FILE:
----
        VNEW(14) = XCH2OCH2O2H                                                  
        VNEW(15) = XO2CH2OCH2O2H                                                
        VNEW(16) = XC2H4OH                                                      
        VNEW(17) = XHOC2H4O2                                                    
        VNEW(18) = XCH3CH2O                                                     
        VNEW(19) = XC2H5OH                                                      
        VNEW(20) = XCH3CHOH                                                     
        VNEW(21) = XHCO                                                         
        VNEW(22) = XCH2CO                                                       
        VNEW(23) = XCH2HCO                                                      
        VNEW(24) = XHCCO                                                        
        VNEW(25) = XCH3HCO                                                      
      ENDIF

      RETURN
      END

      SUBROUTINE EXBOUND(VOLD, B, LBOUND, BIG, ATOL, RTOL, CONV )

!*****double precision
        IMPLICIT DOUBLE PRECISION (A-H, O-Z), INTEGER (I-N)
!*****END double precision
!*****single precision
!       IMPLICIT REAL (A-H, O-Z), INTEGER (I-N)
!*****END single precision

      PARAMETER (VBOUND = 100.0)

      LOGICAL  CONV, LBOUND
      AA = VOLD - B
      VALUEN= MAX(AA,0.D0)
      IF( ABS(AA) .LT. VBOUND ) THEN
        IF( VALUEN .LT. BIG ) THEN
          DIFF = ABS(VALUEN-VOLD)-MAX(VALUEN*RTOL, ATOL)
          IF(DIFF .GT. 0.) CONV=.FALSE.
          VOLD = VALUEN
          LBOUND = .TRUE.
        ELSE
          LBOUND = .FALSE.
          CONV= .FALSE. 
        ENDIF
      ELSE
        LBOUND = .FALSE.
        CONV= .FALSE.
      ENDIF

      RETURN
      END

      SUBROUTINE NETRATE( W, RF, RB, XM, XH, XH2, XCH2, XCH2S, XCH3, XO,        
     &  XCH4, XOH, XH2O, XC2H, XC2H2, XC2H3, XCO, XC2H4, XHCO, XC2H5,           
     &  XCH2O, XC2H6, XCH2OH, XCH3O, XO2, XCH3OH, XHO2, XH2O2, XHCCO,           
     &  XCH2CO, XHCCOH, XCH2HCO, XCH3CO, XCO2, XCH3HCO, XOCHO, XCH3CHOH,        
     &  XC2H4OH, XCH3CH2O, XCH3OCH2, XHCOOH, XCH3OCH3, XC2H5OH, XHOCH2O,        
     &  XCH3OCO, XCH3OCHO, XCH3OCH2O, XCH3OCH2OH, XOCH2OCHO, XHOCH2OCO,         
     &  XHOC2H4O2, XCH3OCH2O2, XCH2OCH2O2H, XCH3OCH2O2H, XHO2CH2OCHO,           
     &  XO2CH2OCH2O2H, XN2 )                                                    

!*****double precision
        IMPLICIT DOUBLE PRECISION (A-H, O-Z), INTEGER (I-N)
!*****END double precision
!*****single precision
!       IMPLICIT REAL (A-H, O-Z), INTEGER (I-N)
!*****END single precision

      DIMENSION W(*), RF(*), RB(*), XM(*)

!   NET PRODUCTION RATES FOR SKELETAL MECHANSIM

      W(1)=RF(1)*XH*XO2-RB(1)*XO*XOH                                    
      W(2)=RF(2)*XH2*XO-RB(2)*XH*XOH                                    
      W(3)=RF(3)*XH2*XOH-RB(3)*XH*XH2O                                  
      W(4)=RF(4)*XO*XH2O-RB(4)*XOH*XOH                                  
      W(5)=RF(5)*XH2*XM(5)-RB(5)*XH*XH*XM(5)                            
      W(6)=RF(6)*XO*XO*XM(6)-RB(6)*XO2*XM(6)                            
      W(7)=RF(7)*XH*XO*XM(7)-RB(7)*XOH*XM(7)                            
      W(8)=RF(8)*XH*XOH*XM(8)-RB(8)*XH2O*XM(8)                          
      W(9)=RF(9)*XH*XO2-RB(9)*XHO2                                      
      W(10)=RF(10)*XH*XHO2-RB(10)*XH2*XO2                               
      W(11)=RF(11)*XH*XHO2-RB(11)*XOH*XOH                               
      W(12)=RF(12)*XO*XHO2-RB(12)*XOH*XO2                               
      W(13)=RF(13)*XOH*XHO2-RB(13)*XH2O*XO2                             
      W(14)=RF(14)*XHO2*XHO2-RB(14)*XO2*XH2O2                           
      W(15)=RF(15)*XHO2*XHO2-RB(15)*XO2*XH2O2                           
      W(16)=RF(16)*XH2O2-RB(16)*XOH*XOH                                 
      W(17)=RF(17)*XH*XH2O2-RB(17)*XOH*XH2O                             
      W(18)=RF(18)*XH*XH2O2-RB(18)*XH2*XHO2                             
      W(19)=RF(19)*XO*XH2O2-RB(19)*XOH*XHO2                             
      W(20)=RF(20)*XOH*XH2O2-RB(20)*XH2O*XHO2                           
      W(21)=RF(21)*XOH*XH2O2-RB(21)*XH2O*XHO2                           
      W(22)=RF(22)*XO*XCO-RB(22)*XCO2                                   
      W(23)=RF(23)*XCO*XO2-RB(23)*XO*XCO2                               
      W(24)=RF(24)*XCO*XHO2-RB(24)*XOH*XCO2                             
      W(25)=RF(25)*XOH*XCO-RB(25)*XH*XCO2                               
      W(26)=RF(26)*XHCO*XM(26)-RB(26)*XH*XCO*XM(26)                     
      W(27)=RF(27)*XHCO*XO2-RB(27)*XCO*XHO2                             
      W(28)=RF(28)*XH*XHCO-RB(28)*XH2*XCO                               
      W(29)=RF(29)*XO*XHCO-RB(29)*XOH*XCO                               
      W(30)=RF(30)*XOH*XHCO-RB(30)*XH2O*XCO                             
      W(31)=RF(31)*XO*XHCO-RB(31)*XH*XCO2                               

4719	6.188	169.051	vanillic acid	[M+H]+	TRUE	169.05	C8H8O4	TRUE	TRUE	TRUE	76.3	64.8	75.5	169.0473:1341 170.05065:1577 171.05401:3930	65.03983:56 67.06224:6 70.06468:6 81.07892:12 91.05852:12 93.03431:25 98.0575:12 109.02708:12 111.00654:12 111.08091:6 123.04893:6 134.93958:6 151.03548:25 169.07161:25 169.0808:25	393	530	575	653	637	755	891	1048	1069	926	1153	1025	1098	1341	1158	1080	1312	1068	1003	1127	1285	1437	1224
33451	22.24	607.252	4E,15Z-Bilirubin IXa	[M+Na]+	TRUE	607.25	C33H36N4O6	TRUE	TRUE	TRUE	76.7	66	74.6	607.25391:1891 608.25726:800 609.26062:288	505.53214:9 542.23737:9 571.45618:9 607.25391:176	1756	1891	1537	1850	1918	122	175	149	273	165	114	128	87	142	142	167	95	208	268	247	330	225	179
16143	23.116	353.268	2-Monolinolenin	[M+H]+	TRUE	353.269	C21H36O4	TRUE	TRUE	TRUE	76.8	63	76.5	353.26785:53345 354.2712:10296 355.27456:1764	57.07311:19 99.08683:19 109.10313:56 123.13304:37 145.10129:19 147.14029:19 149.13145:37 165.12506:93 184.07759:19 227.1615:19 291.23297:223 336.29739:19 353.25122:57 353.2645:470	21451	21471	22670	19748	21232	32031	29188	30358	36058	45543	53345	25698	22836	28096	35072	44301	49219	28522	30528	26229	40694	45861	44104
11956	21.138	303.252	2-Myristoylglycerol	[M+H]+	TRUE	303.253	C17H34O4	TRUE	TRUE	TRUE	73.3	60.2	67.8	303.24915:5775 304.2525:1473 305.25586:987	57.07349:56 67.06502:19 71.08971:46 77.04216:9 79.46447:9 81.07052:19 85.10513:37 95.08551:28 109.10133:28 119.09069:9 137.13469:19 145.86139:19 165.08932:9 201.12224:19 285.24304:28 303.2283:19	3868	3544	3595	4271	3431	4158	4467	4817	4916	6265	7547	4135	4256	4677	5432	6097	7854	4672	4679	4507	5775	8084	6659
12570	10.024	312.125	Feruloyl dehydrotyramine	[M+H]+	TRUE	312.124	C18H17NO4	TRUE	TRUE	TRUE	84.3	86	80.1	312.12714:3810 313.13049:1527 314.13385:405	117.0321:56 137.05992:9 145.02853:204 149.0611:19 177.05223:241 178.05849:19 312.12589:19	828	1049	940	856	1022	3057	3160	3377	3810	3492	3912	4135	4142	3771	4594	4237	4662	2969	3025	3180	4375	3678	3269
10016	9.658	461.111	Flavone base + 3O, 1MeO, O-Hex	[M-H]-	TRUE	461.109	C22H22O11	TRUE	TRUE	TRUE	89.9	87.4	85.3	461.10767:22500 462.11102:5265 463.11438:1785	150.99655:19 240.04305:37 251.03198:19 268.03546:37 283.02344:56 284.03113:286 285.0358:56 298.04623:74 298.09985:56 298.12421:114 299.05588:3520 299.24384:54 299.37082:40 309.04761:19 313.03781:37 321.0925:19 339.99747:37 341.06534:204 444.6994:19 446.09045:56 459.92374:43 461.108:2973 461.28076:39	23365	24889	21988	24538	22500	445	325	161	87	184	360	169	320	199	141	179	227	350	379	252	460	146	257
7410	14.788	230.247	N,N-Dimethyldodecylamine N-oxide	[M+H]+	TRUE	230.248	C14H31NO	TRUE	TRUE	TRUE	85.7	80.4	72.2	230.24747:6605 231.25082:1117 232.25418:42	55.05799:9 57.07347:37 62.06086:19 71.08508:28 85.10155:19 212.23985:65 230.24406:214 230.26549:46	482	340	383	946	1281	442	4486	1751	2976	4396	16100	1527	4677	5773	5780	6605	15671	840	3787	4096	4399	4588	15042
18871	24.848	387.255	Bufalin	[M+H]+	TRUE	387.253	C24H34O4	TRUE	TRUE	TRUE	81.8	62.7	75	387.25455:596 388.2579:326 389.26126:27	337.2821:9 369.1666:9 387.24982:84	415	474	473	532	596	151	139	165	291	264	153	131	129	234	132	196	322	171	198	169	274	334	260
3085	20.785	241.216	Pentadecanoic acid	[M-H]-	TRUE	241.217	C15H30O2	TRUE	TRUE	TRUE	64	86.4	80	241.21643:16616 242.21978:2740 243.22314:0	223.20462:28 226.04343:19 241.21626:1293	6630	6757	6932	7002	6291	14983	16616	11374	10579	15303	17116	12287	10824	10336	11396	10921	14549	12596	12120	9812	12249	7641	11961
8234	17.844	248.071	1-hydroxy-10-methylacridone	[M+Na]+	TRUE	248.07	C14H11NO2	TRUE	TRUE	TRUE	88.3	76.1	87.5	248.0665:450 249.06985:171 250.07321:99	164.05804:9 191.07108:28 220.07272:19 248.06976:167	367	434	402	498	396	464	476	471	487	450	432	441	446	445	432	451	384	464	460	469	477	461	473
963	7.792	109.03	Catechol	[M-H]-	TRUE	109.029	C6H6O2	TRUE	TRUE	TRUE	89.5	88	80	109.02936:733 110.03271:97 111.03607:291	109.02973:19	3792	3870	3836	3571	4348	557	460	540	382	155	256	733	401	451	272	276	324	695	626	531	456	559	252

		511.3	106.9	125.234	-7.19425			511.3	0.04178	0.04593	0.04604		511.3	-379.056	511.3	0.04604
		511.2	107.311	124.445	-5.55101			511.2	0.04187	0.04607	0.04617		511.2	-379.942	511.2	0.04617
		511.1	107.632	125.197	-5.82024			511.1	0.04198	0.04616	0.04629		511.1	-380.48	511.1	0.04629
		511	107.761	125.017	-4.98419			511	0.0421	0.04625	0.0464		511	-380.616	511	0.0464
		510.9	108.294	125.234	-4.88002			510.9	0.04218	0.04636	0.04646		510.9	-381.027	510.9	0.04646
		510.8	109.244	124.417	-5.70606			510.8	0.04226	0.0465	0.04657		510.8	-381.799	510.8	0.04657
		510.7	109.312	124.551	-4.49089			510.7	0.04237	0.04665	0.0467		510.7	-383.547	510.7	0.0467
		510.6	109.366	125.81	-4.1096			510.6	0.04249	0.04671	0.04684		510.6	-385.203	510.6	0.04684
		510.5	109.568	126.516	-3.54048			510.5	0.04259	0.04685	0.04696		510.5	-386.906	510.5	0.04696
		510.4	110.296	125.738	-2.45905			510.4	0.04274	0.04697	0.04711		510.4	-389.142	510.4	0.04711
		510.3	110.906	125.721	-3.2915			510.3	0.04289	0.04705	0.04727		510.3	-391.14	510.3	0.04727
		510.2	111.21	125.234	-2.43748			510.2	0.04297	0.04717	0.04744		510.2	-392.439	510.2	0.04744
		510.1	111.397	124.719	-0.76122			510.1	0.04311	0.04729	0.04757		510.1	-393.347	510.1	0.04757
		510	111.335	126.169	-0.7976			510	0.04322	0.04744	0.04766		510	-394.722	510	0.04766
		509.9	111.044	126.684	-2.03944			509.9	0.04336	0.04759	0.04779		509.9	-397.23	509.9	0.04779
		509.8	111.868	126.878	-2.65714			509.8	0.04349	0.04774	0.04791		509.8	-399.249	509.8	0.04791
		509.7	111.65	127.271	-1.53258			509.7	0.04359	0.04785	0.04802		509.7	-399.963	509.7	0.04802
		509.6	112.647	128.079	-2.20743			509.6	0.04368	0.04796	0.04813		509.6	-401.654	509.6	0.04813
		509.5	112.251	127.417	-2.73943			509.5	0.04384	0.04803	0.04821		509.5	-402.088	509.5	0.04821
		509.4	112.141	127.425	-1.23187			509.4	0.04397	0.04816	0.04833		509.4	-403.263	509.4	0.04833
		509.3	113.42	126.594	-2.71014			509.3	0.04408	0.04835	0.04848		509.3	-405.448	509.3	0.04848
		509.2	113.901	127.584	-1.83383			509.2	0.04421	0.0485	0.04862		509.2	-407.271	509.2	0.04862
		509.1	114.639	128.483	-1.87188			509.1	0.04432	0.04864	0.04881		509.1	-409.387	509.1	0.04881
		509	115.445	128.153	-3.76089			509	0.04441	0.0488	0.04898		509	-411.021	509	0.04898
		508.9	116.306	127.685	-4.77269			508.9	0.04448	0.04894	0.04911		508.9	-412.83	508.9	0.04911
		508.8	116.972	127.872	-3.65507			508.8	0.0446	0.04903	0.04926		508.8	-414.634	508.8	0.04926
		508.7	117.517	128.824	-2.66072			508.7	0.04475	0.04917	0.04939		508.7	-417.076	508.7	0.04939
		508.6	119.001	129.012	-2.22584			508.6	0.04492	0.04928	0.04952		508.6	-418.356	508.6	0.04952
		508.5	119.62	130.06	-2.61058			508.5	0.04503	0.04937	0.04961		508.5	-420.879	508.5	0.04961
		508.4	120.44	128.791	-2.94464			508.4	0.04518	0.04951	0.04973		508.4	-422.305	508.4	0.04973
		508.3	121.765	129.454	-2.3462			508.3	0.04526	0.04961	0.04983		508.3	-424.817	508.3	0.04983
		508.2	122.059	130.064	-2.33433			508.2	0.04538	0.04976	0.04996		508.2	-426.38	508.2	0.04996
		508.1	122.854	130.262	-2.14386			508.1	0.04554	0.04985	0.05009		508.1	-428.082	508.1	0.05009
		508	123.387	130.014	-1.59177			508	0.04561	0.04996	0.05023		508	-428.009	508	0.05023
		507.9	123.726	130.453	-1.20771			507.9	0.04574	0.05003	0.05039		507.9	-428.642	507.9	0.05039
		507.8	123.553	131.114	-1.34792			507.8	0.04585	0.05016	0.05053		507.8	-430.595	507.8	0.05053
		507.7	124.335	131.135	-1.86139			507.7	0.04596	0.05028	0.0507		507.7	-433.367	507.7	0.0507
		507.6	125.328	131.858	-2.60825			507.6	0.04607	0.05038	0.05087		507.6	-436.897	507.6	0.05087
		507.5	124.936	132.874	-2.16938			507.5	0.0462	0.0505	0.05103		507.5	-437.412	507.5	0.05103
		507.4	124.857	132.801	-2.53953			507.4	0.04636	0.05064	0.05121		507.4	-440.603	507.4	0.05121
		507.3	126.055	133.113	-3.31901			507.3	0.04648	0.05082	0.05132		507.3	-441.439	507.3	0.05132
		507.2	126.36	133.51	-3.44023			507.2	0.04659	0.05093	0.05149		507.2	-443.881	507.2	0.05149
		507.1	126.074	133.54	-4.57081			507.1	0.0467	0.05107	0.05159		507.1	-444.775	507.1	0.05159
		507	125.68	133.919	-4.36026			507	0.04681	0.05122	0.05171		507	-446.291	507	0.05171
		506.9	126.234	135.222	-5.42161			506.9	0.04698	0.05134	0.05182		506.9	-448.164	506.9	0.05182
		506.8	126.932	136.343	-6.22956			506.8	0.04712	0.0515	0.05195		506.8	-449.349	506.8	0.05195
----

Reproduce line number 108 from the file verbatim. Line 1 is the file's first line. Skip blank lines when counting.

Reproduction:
		510.6	109.366	125.81	-4.1096			510.6	0.04249	0.04671	0.04684		510.6	-385.203	510.6	0.04684